“I’ve always been inspired by people who go against the grain, people who are willing to take risks on behalf of humanity — the Mother Theresas of the World, and the Nelson Mandelas. The actions of people like that say a lot about the human spirit, and the ability of a single individual to make a difference.”
— Dr. Laurie Zephyrin
|Dr. Laurie Zephyrin is VA’s new (and first ever) National Director for Reproductive Health.|
As part of its increasing focus on women’s health issues, the Department of Veterans Affairs (VA) has hired its very first National Director for Reproductive Health, Dr. Laurie Zephyrin.
“We have an increasing number of women coming into the VA health care system,” Zephyrin said, “and the majority of them are of childbearing age. VA understands that our women Veterans have special health care needs across their lifespan.”
The Team, The Mission
“I work with a great team here at the Women Veterans Health Strategic Healthcare Group, which is led by Dr. Patricia Hayes,” she continued. “We’re all working together toward one common goal: making sure women Veterans have access to quality health care services.”
Some of the efforts Zephyrin will be involved in include making sure women with abnormal mammograms receive prompt follow-up attention, closely following cervical cancer trends among women Veterans, educating providers and staff regarding various maternity issues, and tracking birth outcomes in women Veterans. She’ll also be developing training for emergency room providers so they can effectively triage and treat urgent problems in women — problems like abnormal bleeding, pelvic pain and problems in early pregnancy.
“These women served our country,” Zephyrin said. “They sacrificed. So we have an obligation to make sure they’re receiving the best health care we can possibly give them.”
Sounds like a pretty big job, and it is. But that doesn’t mean Zephyrin spends all her time in a Washington, D.C. office, formulating policy.
“I live in New York,” she said. “I practice at the Manhattan VA (Medical Center), so I have a local role, and a national role. I think it’s helpful, in terms of developing national policy, to have a local perspective. It’s good to hear directly from our patients concerning what types of services they need.”
Zephyrin grew up in the New York borough of Queens, the daughter of parents who came to the United States from Haiti in the early 1970s.
“My father is a retired elementary school teacher,” she said. “My mother is a nurse. They were good parents…and they were both always interested in giving back to the community. That’s what I saw growing up: two parents who were always trying to help people.”
During her high school years Zephyrin got involved in an after-school program that brought her into contact with a variety of health care professionals who also performed community service work.
“One day this woman, a social worker, came and spoke to us — myself and the other students — about the work she was doing with crack-addicted babies,” Zephyrin said. “She talked about drugs and their impact on pregnant women, how many of these women give birth to sick, premature babies. At one point she held out her hand to us. She told us that some of those babies were smaller than her hand.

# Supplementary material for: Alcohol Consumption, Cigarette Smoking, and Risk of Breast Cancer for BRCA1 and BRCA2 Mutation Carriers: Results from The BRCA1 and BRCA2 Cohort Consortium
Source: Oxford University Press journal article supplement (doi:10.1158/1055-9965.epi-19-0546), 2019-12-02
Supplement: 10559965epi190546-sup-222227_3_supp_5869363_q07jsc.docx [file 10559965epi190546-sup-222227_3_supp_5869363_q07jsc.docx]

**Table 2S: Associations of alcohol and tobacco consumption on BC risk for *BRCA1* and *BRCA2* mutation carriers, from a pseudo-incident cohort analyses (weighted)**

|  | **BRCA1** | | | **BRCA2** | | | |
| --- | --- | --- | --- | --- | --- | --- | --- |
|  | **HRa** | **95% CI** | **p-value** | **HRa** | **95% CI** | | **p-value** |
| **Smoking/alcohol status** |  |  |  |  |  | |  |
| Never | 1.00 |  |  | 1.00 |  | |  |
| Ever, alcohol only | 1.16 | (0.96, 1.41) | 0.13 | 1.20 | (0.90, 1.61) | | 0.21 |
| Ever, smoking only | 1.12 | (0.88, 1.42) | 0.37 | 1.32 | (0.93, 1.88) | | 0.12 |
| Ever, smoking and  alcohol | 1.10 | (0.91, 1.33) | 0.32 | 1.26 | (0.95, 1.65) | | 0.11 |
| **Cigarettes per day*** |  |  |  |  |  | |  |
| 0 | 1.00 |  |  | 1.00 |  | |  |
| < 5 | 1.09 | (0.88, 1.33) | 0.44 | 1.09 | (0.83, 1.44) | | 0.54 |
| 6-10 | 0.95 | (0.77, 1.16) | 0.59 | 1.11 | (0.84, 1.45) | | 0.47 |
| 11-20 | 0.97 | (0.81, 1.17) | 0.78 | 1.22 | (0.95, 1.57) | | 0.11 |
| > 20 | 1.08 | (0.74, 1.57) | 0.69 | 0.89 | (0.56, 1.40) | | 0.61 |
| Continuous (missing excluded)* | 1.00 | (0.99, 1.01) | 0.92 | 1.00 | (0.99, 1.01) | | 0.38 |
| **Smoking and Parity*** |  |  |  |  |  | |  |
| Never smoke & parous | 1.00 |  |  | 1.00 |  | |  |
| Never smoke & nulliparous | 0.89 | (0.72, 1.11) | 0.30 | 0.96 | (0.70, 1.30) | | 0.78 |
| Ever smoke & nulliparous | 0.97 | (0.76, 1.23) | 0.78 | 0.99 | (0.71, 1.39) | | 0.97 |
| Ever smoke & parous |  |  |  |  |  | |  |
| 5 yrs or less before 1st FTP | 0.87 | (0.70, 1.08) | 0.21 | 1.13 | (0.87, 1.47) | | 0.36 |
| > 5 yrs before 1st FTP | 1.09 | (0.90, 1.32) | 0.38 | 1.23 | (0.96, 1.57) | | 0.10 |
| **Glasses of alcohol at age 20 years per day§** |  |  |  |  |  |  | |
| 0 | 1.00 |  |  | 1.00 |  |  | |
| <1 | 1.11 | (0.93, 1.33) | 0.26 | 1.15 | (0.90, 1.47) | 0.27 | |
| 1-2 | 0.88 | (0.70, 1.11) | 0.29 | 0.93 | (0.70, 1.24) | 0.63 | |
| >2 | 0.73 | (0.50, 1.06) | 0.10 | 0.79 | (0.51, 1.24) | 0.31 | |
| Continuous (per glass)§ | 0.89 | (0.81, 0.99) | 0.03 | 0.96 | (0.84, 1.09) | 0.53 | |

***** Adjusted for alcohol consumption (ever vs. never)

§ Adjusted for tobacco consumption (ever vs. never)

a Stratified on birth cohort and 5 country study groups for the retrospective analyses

“At that moment I decided to become a doctor — a doctor who takes care of women. I felt by having a positive impact on the health of women, I could have a positive impact on communities.”
Zephyrin comes to her new job with some impressive credentials. She holds a Bachelor of Science degree in Biomedical Sciences, cum laude, from City College of New York; an MD from New York University School of Medicine, and two masters’ degrees — one in public health and another in business administration, both from Johns Hopkins University.
She completed her residency work at Harvard’s Integrated Residency Training Program in Obstetrics and Gynecology at Brigham and Women’s Hospital-Massachusetts General Hospital.
Zephyrin’s resume also includes time spent at Johns Hopkins as a Postdoctoral Fellow in the Robert Wood Johnson Clinical Scholars Program, and as a physician in the Gynecology and Obstetrics Department at Johns Hopkins Medical Institutions. It was during this period that she launched two separate studies — one to evaluate the overall quality of life of HIV patients, the other to evaluate the delivery of timely cervical cancer screening to HIV-infected women.
“My real passion is improving the delivery of medical services to underserved, vulnerable populations,” Zephyrin said. “Those populations include women across the globe.”
True to her passion, Zephyrin became involved, some time ago, in something called the Eritrean Women’s Project.
The entire country has less than 10 OB/GYNs in the East African country, so Zephyrin and other doctors teamed up with Eritrea’s Ministry of Health and the United Nations Population Fund to try and help out.
“We worked with their OB/GYNs, students, nurses and technicians,” she said. “We gave them training in ultrasound and other techniques critical to improving maternal health. It’s an exciting process to be a part of.
“Everyone has different things that sustain them and keep them moving forward,” she added. “My thing is giving back to the community in as many ways as I can.”
But does VA’s National Director for Reproductive Health ever get a chance to just kick back and relax a little? Go to a movie? Play a little air hockey??
“After a busy day I’ll go home and watch a re-run of Law and Order,” she said. “I love Law and Order.”